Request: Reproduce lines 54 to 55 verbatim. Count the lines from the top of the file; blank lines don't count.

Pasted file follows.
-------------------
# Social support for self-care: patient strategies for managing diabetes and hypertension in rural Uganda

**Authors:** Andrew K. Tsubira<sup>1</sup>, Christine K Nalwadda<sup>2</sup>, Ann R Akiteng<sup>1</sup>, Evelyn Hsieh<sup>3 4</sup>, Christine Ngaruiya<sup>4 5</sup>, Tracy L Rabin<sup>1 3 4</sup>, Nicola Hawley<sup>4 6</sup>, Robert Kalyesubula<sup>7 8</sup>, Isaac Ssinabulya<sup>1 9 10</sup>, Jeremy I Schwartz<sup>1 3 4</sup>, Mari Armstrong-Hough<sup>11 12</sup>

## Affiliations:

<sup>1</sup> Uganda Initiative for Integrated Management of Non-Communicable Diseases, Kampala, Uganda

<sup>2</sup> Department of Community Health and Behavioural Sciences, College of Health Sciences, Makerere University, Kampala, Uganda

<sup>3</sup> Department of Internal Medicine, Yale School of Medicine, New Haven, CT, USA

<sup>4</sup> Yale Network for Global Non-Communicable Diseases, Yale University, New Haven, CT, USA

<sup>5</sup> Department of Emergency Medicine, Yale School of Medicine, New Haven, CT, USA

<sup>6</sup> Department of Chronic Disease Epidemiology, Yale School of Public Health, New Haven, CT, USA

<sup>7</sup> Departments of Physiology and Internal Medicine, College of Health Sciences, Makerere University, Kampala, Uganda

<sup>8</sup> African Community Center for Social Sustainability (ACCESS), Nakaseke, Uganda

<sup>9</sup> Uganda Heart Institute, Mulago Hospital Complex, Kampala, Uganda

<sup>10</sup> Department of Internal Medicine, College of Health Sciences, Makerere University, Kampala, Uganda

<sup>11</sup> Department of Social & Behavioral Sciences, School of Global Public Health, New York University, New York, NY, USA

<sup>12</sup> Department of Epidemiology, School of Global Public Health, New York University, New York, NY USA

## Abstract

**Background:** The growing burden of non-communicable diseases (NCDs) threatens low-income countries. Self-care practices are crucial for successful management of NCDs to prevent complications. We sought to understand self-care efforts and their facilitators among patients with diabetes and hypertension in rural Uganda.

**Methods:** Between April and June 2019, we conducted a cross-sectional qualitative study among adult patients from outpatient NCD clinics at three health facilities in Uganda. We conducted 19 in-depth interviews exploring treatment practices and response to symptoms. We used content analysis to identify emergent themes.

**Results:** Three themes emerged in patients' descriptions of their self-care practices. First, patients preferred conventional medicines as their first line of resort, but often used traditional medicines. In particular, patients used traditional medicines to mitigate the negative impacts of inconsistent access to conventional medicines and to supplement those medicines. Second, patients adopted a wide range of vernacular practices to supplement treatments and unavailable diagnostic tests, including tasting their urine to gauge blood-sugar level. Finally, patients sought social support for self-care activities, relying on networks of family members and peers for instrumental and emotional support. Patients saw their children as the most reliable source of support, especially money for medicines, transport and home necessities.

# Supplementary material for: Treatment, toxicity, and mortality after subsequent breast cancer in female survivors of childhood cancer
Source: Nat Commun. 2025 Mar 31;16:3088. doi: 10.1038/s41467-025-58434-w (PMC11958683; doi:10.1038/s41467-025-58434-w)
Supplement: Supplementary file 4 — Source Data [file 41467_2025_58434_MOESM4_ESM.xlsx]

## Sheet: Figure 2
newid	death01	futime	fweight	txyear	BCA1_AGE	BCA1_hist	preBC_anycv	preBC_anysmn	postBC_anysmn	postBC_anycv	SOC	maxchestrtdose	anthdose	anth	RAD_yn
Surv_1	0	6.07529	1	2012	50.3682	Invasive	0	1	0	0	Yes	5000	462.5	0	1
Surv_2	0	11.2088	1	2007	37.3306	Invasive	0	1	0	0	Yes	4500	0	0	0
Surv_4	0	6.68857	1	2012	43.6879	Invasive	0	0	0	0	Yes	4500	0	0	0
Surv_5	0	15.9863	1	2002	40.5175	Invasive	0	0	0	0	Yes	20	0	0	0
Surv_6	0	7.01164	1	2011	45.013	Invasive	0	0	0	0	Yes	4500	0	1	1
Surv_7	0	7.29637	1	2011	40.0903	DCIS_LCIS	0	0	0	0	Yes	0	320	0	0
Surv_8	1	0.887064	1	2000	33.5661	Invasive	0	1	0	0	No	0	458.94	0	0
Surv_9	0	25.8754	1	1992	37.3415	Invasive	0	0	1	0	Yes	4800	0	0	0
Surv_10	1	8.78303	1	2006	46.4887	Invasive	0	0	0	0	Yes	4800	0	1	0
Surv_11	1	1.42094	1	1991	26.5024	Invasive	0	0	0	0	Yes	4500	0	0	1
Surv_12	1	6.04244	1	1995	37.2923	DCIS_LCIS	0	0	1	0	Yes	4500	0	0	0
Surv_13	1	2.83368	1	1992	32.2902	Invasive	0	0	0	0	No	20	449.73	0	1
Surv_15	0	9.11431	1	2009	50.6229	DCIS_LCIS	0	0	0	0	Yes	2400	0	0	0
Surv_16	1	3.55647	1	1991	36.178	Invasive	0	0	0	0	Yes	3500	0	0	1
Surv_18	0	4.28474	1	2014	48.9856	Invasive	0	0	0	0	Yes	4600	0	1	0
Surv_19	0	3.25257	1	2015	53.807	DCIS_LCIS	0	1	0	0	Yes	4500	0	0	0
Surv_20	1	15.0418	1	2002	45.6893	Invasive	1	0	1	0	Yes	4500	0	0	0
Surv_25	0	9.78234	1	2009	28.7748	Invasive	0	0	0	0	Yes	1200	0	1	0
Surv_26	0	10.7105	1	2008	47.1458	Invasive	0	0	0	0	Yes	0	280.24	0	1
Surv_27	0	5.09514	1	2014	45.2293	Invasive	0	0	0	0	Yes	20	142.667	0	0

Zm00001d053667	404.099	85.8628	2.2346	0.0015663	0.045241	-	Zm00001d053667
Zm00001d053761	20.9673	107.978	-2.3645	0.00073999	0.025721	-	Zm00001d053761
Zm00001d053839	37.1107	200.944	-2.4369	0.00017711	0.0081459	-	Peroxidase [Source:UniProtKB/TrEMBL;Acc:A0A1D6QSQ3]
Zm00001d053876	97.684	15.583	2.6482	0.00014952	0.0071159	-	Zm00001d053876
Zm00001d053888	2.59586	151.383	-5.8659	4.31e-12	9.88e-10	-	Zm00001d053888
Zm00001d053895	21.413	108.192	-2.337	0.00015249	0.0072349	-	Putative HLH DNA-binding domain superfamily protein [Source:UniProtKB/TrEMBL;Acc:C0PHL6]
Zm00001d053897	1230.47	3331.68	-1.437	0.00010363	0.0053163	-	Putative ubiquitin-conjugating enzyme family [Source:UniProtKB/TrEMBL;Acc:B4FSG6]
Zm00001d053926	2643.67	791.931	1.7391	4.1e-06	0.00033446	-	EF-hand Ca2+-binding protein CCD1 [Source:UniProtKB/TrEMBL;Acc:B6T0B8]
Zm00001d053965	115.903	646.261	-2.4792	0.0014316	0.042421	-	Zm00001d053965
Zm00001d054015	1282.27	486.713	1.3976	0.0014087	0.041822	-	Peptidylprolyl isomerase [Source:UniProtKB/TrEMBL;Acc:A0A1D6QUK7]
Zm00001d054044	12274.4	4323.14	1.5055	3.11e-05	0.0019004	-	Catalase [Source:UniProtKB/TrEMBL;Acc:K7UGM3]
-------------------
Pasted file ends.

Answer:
Zm00001d054015	1282.27	486.713	1.3976	0.0014087	0.041822	-	Peptidylprolyl isomerase [Source:UniProtKB/TrEMBL;Acc:A0A1D6QUK7]
Zm00001d054044	12274.4	4323.14	1.5055	3.11e-05	0.0019004	-	Catalase [Source:UniProtKB/TrEMBL;Acc:K7UGM3]